Hype And the Gaming Experience
It seems I've got the short end of the stick. What would normally start as unbridled enthusiasm and hopeful optimism snowballs into crazed expectations, resulting in the entire experience careening off into crushing disappointment. No, I am not describing my performance in bed (which is just fine, thank you very much), but rather, my experiences when faced with upcoming games: Assassin's Creed 3, Hitman: Absolution, The War Z, etc. All these games filled me with burning optimism, and all these games led me straight into crushing disappointment. I'm an optimist, and being one in the world of video games is a serious handicap.
As one of the news writers on this site I deal daily with teaser trailers, feature-boasts and other news of upcoming games, all leading me to this dilemma: Should I let myself get caught up in the pre-release excitement? Or should I join the rest and view it with scepticism, allowing myself to then subsequently be pleasantly surprised if it turns out well?
Here's if you want to be the first in getting scammed!
What's more, I am not alone in this predicament, many other gamers too find themselves caught between the urge to get excited about upcoming games, and the jaded scepticism that pervades the current gaming community - created as a shield against disappointing releases. Without the latter, one risks exposing oneself to disappointment as the game does not live up to one's expectations.
This all then comes as a result of video game hype. What is video game hype? Essentially a mix between gamer optimism and aggressive marketing, it is the result of countless advertising campaigns and feature-boasting from developers - and it is incredibly dangerous. Video game hype controls player expectations of the upcoming game, and player expectations affect the eventual gaming experience. Thus, if played wrongly, video game hype could possibly create expectations that are too high, thus ruining a genuinely good game with a constant sense of "this is not as good as I thought it would be". We can see the negative effects of video game hype from two of its main sources: marketing of upcoming games and sequels to well-acclaimed games.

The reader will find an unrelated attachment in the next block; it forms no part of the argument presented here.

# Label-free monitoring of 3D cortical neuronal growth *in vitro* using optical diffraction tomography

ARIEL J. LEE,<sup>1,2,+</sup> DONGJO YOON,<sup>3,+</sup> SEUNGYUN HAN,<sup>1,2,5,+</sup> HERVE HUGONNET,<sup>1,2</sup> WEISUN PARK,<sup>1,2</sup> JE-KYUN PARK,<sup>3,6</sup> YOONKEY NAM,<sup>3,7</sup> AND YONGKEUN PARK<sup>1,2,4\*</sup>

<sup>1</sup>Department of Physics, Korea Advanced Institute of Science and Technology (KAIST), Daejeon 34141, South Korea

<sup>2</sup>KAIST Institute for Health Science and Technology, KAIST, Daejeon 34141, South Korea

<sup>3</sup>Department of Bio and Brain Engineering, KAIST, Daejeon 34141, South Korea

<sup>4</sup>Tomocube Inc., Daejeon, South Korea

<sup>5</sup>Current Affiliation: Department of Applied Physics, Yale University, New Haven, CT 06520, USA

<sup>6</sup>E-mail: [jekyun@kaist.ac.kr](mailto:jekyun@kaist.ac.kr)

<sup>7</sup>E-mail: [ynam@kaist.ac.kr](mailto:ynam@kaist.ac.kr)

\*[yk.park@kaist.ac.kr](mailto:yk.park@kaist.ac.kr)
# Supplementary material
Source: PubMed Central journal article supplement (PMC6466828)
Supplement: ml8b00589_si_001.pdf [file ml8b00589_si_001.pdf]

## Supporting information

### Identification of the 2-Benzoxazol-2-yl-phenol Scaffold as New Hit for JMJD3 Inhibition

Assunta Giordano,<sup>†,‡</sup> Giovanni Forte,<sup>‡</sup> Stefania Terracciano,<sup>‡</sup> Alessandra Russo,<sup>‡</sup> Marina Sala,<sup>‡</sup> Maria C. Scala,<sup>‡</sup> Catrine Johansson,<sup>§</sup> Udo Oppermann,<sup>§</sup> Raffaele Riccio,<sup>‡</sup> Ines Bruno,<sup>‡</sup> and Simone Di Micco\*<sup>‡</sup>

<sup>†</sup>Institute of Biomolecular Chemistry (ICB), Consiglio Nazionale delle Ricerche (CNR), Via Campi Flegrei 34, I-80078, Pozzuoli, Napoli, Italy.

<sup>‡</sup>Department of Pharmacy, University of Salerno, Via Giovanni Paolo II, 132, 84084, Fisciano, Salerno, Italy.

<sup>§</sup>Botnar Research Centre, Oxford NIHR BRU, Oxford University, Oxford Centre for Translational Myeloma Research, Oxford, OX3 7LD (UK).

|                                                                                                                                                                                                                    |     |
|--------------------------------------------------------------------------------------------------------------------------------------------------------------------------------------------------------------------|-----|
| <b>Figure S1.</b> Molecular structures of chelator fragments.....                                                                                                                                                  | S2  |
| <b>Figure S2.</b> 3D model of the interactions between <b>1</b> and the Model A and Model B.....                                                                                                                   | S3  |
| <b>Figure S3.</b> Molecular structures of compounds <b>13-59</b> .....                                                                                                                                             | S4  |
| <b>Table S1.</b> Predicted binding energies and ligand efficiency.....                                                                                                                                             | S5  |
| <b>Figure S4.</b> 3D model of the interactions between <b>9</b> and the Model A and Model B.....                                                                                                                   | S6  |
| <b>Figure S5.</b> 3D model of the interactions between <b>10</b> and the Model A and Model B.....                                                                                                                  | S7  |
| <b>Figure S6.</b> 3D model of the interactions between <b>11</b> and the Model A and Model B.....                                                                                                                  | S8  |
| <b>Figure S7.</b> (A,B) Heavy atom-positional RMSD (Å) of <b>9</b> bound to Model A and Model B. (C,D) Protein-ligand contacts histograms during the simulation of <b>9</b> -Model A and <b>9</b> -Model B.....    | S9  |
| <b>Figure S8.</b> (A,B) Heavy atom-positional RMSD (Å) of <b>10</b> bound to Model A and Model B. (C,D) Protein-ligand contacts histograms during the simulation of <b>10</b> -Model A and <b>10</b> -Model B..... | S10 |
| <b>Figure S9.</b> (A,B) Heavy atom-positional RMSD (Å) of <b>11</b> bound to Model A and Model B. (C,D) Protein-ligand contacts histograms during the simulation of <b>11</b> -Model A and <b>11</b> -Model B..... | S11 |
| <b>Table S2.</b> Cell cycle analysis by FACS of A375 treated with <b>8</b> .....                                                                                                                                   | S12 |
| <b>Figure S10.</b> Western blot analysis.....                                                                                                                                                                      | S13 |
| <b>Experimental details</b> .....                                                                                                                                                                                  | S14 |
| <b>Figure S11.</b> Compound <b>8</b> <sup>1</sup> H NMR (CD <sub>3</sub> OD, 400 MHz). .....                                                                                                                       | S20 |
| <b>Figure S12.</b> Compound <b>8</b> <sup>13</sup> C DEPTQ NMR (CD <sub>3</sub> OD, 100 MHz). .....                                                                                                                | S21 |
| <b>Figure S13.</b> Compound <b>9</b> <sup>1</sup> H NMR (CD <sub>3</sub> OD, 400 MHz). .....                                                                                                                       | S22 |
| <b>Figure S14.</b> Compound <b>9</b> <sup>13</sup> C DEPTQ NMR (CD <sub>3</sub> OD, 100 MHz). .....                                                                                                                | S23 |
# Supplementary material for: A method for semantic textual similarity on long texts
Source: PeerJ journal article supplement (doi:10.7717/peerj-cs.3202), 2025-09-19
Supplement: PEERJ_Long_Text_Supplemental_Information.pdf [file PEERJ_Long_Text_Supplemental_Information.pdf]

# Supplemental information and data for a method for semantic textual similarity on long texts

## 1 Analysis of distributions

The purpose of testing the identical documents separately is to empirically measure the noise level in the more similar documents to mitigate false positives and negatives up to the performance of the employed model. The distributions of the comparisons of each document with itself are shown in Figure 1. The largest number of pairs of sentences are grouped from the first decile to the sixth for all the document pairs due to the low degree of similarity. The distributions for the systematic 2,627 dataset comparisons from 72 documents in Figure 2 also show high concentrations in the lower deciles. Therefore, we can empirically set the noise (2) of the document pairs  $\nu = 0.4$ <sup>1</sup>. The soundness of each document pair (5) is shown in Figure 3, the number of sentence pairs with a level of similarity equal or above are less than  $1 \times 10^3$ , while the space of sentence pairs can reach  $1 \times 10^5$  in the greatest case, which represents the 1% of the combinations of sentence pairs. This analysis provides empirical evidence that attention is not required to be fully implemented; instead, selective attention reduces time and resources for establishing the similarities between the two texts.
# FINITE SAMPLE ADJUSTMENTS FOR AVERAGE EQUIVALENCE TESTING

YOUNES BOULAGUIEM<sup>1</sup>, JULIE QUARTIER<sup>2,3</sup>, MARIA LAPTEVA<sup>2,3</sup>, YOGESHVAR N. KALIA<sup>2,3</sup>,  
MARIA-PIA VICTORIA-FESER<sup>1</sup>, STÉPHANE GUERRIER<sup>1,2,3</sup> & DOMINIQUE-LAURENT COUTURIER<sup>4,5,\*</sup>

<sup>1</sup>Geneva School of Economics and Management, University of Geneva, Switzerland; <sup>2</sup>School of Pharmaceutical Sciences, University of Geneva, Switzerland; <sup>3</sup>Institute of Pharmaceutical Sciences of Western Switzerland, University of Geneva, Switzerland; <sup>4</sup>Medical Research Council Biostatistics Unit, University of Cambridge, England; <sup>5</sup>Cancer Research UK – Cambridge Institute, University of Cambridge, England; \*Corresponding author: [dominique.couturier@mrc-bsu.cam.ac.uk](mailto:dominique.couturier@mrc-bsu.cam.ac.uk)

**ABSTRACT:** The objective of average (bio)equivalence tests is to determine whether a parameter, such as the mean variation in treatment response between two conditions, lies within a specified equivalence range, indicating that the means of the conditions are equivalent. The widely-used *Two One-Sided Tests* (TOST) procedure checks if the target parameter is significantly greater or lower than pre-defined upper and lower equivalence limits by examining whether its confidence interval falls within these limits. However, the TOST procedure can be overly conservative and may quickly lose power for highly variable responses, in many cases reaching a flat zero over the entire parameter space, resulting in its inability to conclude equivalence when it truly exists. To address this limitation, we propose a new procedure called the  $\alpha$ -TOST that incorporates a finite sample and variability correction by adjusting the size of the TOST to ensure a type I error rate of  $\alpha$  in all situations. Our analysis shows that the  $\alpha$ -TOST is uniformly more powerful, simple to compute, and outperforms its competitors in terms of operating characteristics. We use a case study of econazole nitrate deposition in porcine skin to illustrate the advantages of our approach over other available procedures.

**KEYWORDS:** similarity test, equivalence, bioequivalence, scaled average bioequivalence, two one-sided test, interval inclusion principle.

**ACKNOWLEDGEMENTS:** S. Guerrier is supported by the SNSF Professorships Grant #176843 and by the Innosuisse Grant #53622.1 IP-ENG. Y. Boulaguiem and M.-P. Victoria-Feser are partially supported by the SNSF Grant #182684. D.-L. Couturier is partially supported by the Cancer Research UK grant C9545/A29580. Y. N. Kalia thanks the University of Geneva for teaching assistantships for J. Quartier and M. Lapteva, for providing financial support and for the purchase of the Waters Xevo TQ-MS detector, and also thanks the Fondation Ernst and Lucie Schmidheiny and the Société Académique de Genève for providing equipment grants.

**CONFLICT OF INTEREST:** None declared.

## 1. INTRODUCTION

Badly-handled and over-enthusiastic marketing of upcoming games commonly leads to a distortion of the game's features, at times even resulting in lies made in order to garner gamer interest. One of the most recent and glaring examples of this is The War Z, where developer Hammerpoint Interactive touted a whole slew of features such as 100-player games and 400km maps, none of which ever made it into the game at release, or worse (as in the case of the map size), were grossly exaggerated. This then escalated into further disaster as disappointed players confronted the developer, who met them with half-baked excuses and accusatory deflections, such as faulting them for not having "interpreted the features correctly", or being impatient that the game did not yet contain the content it promised.
Yep, that's right - a helicopter chase scene...in Hitman game.
Yet The War Z had just weeks ago clearly displayed its empty promises across its Steam page, shouting to anyone who listened that it was basically DayZ but better. My theory is that in its desperate bid to become more popular than DayZ, its developers whored it out frantically, in full knowledge that it would not deliver on its promises. This shows the lowest and most despicable of developer behavior, where gamers are taken advantage of and expectations are artificially heightened through false hype. Thus, it is no surprise to me that the controversy occurred as it did, as the set-up was already there to begin with. This is prevalent to a lesser degree in a fair number of game releases, where desperate marketing ramps the promised features up to 11, rather than giving players an honest picture of what is to come, eventually leading to disappointment.